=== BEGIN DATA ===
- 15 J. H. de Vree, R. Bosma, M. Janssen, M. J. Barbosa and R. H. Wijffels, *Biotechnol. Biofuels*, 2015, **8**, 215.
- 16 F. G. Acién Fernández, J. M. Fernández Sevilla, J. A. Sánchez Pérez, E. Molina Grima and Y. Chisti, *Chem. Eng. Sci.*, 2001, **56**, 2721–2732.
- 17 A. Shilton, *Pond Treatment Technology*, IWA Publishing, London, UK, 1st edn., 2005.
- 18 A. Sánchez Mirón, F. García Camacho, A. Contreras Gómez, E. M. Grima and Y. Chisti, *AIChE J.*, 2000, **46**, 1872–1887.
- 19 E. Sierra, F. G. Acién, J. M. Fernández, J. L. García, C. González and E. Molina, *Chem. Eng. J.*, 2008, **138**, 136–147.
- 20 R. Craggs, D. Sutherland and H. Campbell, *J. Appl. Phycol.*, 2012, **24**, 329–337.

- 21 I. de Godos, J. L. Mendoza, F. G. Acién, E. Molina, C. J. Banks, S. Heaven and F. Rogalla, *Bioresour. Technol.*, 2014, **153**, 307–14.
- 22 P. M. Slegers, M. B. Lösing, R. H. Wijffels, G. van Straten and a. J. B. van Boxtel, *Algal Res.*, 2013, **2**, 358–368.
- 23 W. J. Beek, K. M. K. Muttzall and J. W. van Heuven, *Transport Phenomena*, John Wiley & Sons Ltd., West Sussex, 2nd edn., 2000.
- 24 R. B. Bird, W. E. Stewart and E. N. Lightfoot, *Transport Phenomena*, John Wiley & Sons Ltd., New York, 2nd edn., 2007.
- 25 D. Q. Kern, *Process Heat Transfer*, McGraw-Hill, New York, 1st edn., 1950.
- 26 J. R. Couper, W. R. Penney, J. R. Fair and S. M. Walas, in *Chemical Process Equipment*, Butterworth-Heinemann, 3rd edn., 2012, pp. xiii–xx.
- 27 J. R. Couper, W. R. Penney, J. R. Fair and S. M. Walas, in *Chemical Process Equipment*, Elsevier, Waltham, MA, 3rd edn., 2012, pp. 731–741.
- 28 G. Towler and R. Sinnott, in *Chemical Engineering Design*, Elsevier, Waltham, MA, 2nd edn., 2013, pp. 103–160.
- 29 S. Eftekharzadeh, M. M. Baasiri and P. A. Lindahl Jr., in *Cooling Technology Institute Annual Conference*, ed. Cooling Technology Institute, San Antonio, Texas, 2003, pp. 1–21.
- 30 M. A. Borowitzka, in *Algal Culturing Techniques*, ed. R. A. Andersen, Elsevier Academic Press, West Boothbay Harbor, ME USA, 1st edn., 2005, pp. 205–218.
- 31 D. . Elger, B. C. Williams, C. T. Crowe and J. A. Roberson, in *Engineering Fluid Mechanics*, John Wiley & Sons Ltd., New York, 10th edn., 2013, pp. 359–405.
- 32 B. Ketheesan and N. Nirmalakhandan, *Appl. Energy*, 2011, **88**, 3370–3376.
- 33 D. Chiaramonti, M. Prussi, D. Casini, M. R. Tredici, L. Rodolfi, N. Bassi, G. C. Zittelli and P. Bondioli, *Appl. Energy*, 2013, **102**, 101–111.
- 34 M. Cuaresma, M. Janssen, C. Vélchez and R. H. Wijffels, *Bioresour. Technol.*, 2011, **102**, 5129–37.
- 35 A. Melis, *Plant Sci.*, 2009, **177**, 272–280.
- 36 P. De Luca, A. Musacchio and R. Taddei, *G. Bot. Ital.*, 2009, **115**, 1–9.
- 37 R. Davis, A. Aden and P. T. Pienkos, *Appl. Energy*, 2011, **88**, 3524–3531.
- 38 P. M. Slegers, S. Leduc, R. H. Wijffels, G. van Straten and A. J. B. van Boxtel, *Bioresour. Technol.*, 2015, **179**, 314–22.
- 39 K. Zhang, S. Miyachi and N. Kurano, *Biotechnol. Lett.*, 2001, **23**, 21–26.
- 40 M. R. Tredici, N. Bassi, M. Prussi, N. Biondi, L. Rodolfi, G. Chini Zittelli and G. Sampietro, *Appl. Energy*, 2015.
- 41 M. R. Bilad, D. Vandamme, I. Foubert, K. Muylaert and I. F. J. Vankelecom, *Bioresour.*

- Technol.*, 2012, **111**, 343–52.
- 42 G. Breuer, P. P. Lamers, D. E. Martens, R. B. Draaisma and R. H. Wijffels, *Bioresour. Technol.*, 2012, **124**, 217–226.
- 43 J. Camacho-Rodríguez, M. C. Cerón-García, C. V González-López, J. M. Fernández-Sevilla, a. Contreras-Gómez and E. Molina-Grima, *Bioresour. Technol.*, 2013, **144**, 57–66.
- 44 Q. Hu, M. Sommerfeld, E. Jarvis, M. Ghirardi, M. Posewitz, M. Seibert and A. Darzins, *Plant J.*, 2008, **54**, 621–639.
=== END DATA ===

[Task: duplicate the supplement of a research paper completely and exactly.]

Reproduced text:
- 15 J. H. de Vree, R. Bosma, M. Janssen, M. J. Barbosa and R. H. Wijffels, *Biotechnol. Biofuels*, 2015, **8**, 215.
- 16 F. G. Acién Fernández, J. M. Fernández Sevilla, J. A. Sánchez Pérez, E. Molina Grima and Y. Chisti, *Chem. Eng. Sci.*, 2001, **56**, 2721–2732.
- 17 A. Shilton, *Pond Treatment Technology*, IWA Publishing, London, UK, 1st edn., 2005.
- 18 A. Sánchez Mirón, F. García Camacho, A. Contreras Gómez, E. M. Grima and Y. Chisti, *AIChE J.*, 2000, **46**, 1872–1887.
- 19 E. Sierra, F. G. Acién, J. M. Fernández, J. L. García, C. González and E. Molina, *Chem. Eng. J.*, 2008, **138**, 136–147.
- 20 R. Craggs, D. Sutherland and H. Campbell, *J. Appl. Phycol.*, 2012, **24**, 329–337.

- 21 I. de Godos, J. L. Mendoza, F. G. Acién, E. Molina, C. J. Banks, S. Heaven and F. Rogalla, *Bioresour. Technol.*, 2014, **153**, 307–14.
- 22 P. M. Slegers, M. B. Lösing, R. H. Wijffels, G. van Straten and a. J. B. van Boxtel, *Algal Res.*, 2013, **2**, 358–368.
- 23 W. J. Beek, K. M. K. Muttzall and J. W. van Heuven, *Transport Phenomena*, John Wiley & Sons Ltd., West Sussex, 2nd edn., 2000.
- 24 R. B. Bird, W. E. Stewart and E. N. Lightfoot, *Transport Phenomena*, John Wiley & Sons Ltd., New York, 2nd edn., 2007.
- 25 D. Q. Kern, *Process Heat Transfer*, McGraw-Hill, New York, 1st edn., 1950.
- 26 J. R. Couper, W. R. Penney, J. R. Fair and S. M. Walas, in *Chemical Process Equipment*, Butterworth-Heinemann, 3rd edn., 2012, pp. xiii–xx.
- 27 J. R. Couper, W. R. Penney, J. R. Fair and S. M. Walas, in *Chemical Process Equipment*, Elsevier, Waltham, MA, 3rd edn., 2012, pp. 731–741.
- 28 G. Towler and R. Sinnott, in *Chemical Engineering Design*, Elsevier, Waltham, MA, 2nd edn., 2013, pp. 103–160.
- 29 S. Eftekharzadeh, M. M. Baasiri and P. A. Lindahl Jr., in *Cooling Technology Institute Annual Conference*, ed. Cooling Technology Institute, San Antonio, Texas, 2003, pp. 1–21.
- 30 M. A. Borowitzka, in *Algal Culturing Techniques*, ed. R. A. Andersen, Elsevier Academic Press, West Boothbay Harbor, ME USA, 1st edn., 2005, pp. 205–218.
- 31 D. . Elger, B. C. Williams, C. T. Crowe and J. A. Roberson, in *Engineering Fluid Mechanics*, John Wiley & Sons Ltd., New York, 10th edn., 2013, pp. 359–405.
- 32 B. Ketheesan and N. Nirmalakhandan, *Appl. Energy*, 2011, **88**, 3370–3376.
- 33 D. Chiaramonti, M. Prussi, D. Casini, M. R. Tredici, L. Rodolfi, N. Bassi, G. C. Zittelli and P. Bondioli, *Appl. Energy*, 2013, **102**, 101–111.
- 34 M. Cuaresma, M. Janssen, C. Vélchez and R. H. Wijffels, *Bioresour. Technol.*, 2011, **102**, 5129–37.
- 35 A. Melis, *Plant Sci.*, 2009, **177**, 272–280.
- 36 P. De Luca, A. Musacchio and R. Taddei, *G. Bot. Ital.*, 2009, **115**, 1–9.
- 37 R. Davis, A. Aden and P. T. Pienkos, *Appl. Energy*, 2011, **88**, 3524–3531.
- 38 P. M. Slegers, S. Leduc, R. H. Wijffels, G. van Straten and A. J. B. van Boxtel, *Bioresour. Technol.*, 2015, **179**, 314–22.
- 39 K. Zhang, S. Miyachi and N. Kurano, *Biotechnol. Lett.*, 2001, **23**, 21–26.
- 40 M. R. Tredici, N. Bassi, M. Prussi, N. Biondi, L. Rodolfi, G. Chini Zittelli and G. Sampietro, *Appl. Energy*, 2015.
- 41 M. R. Bilad, D. Vandamme, I. Foubert, K. Muylaert and I. F. J. Vankelecom, *Bioresour.*

- Technol.*, 2012, **111**, 343–52.
- 42 G. Breuer, P. P. Lamers, D. E. Martens, R. B. Draaisma and R. H. Wijffels, *Bioresour. Technol.*, 2012, **124**, 217–226.
- 43 J. Camacho-Rodríguez, M. C. Cerón-García, C. V González-López, J. M. Fernández-Sevilla, a. Contreras-Gómez and E. Molina-Grima, *Bioresour. Technol.*, 2013, **144**, 57–66.
- 44 Q. Hu, M. Sommerfeld, E. Jarvis, M. Ghirardi, M. Posewitz, M. Seibert and A. Darzins, *Plant J.*, 2008, **54**, 621–639.